Dr. Zvika Zuk, the archaeologist who made that calculation, estimated in one of his articles that the First Temple required several dozen cubic meters of water per day for cleaning, drinking, washing the blood of sacrificed animals, refilling the reservoirs and more. But from where did the water for the Temple come?
For many years, researchers believed that the Gihon spring was the main and almost exclusive source of water for ancient Jerusalem, and that both the inhabitants of the upper city and the Temple used its water. But there was one small problem with this theory: the relatively large distance of about 800 meters between the spring and the Temple Mount.
Professor Shmuel Avitzur once calculated that bringing one cubic meter of water to Jerusalem would have required 13 trips by donkey, since a donkey can carry about 75 liters of water. In order to fill a cistern of 100 cubic meters, 1,300 trips by donkey would have been necessary. However, since there were no archaeological finds in Jerusalem in general, or the Temple Mount in particular, that could attest to reservoirs and cisterns from the First Temple era, the theory that Jerusalem lived exclusively on water from the Gihon spring prevailed.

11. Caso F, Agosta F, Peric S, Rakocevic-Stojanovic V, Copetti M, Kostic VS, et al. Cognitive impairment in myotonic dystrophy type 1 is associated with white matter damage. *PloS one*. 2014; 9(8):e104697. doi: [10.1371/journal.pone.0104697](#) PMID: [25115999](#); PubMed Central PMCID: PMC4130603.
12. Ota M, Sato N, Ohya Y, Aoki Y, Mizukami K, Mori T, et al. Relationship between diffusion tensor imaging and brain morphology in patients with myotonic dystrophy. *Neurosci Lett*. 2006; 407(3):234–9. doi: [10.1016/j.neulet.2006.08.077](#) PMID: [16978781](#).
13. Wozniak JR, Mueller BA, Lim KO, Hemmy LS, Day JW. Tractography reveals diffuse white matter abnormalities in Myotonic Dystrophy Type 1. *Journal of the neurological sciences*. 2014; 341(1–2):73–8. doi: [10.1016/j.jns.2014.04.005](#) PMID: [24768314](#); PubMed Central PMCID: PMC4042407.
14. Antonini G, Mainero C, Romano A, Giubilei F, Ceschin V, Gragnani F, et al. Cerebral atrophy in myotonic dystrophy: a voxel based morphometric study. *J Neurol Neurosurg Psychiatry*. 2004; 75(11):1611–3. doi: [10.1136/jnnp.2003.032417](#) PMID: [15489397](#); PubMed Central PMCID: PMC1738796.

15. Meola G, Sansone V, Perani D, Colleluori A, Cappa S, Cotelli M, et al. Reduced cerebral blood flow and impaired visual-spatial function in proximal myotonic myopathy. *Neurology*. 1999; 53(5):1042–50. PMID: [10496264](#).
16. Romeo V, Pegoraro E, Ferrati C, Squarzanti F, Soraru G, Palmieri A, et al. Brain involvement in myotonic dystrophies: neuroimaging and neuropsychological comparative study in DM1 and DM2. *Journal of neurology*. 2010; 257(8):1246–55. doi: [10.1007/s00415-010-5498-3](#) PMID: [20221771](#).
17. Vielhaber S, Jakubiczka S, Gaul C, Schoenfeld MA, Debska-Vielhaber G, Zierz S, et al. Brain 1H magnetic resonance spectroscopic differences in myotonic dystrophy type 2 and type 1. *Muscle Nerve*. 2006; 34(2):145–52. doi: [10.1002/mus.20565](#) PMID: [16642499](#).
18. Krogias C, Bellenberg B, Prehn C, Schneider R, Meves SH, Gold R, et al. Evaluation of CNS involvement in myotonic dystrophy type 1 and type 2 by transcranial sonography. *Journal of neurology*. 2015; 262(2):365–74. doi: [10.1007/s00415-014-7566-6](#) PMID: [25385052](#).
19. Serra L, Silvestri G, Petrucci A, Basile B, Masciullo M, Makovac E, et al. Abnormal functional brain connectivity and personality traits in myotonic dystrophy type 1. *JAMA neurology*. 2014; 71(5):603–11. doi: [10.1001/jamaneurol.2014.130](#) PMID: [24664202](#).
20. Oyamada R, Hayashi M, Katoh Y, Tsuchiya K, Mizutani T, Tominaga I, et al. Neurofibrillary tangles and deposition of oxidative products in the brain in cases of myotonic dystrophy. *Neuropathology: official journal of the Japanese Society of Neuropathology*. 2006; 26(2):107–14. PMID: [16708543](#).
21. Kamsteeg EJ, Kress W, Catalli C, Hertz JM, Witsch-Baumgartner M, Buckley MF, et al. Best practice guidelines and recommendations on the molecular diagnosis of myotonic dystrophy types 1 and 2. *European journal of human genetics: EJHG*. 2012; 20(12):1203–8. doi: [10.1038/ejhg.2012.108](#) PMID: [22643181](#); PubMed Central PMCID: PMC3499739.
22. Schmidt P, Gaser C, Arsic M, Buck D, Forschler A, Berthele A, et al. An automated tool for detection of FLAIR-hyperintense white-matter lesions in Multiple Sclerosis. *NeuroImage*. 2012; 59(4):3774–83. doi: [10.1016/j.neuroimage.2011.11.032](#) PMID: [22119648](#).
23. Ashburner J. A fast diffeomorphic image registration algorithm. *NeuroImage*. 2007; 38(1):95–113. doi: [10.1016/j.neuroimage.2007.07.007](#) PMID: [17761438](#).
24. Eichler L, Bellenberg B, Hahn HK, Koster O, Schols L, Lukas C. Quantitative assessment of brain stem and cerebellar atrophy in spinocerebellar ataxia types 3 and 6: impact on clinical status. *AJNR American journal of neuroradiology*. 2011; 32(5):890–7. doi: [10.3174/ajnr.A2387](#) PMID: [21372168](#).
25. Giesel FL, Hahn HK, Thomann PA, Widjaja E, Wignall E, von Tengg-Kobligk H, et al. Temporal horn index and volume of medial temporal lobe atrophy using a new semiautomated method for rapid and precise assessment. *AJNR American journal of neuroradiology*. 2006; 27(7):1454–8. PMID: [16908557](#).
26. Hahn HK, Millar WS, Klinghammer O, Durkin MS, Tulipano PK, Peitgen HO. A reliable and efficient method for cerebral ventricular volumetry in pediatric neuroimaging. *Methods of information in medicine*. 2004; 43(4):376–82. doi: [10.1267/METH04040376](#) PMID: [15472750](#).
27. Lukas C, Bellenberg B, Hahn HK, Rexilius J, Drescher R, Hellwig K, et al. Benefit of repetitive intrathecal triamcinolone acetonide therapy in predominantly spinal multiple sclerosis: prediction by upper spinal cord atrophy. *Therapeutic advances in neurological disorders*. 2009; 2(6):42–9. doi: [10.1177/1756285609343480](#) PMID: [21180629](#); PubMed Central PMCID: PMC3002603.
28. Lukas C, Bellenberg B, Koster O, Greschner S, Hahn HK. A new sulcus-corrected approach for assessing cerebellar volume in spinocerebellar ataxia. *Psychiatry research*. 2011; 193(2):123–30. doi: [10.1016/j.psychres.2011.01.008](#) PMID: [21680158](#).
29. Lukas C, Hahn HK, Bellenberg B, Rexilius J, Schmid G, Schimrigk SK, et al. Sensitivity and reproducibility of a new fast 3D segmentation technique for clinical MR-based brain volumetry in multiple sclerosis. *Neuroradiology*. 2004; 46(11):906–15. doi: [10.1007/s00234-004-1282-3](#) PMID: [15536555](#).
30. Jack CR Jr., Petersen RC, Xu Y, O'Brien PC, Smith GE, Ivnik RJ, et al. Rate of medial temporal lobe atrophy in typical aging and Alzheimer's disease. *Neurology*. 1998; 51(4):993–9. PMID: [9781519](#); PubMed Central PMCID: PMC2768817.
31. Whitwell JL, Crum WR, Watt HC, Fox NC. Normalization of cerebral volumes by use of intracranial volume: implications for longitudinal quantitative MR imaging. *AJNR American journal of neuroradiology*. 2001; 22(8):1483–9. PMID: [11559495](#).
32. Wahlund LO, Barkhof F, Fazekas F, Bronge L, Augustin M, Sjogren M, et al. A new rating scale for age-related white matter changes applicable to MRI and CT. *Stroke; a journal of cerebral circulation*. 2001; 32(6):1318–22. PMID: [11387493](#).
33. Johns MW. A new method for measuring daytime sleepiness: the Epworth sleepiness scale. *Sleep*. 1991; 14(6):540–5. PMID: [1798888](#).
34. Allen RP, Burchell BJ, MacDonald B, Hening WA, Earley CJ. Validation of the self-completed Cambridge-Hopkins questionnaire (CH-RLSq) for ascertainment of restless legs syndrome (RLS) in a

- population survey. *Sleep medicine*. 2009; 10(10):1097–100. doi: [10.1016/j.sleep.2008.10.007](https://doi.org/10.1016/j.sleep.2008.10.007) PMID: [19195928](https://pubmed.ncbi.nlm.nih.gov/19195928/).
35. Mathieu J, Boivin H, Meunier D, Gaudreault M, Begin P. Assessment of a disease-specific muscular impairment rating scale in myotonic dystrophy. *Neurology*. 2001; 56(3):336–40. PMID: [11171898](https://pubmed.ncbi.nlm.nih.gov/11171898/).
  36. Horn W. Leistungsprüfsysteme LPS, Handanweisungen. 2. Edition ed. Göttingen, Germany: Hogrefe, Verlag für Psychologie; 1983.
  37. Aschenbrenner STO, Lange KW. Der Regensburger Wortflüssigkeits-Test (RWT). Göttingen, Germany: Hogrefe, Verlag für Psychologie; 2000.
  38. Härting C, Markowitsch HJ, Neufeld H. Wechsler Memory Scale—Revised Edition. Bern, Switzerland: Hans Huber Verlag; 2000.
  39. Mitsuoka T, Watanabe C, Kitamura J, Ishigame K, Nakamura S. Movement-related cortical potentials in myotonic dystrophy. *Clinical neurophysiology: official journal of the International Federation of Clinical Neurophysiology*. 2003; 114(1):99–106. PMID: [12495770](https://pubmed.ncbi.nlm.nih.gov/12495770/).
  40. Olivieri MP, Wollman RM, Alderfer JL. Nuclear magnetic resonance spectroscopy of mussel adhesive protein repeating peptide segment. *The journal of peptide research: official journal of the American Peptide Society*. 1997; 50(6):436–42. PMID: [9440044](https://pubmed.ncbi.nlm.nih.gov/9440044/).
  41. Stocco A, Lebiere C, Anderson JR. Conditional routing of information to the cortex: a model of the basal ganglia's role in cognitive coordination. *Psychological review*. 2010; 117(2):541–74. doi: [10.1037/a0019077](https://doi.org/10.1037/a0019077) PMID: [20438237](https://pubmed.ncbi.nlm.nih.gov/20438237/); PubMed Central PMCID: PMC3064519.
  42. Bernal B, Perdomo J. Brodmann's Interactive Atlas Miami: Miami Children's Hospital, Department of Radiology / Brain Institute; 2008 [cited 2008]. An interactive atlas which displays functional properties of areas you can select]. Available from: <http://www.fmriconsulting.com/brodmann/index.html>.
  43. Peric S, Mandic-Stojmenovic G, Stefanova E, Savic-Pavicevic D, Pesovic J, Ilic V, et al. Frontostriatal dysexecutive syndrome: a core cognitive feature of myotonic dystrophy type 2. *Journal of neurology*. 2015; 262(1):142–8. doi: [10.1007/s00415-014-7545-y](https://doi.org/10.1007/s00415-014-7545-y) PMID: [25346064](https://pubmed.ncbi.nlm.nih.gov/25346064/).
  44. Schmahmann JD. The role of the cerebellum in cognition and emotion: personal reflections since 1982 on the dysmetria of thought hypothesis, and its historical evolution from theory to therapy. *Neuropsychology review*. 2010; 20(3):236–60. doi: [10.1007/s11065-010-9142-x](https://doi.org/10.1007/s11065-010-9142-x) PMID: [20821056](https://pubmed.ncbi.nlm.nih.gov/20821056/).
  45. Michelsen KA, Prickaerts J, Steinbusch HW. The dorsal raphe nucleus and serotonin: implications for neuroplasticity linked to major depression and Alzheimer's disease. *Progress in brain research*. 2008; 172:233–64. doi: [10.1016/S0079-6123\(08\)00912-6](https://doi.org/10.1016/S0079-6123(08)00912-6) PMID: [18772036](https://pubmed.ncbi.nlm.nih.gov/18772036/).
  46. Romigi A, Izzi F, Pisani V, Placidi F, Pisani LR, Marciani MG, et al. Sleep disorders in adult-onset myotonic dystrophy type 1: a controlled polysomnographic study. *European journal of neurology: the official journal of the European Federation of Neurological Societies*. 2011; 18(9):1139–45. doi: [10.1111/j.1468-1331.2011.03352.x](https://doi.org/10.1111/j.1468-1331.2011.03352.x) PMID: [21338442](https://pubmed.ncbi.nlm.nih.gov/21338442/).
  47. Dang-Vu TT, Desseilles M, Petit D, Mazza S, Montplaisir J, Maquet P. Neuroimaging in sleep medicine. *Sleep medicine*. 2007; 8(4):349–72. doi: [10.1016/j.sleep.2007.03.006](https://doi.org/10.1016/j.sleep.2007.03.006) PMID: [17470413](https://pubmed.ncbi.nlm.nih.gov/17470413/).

But all that changed just a few weeks ago. Like many major discoveries, this one came about through pure luck.
Archaeologist Eli Shukron has been excavating Jerusalem and discovering its hidden treasures for 25 years. He has been working in the City of David since 1995. In recent years, he concentrated on the Herodian drainage canal that climbs for about 600 meters from the Siloam Pool in the City of David to the foot of the Western Wall of the Temple Mount. This canal, which has yielded many surprises over the years, is beneath a beautiful Herodian-era street with stairs, at the north end of which the Antiquities Authority discovered just over a year ago, the foundations of the Western Wall.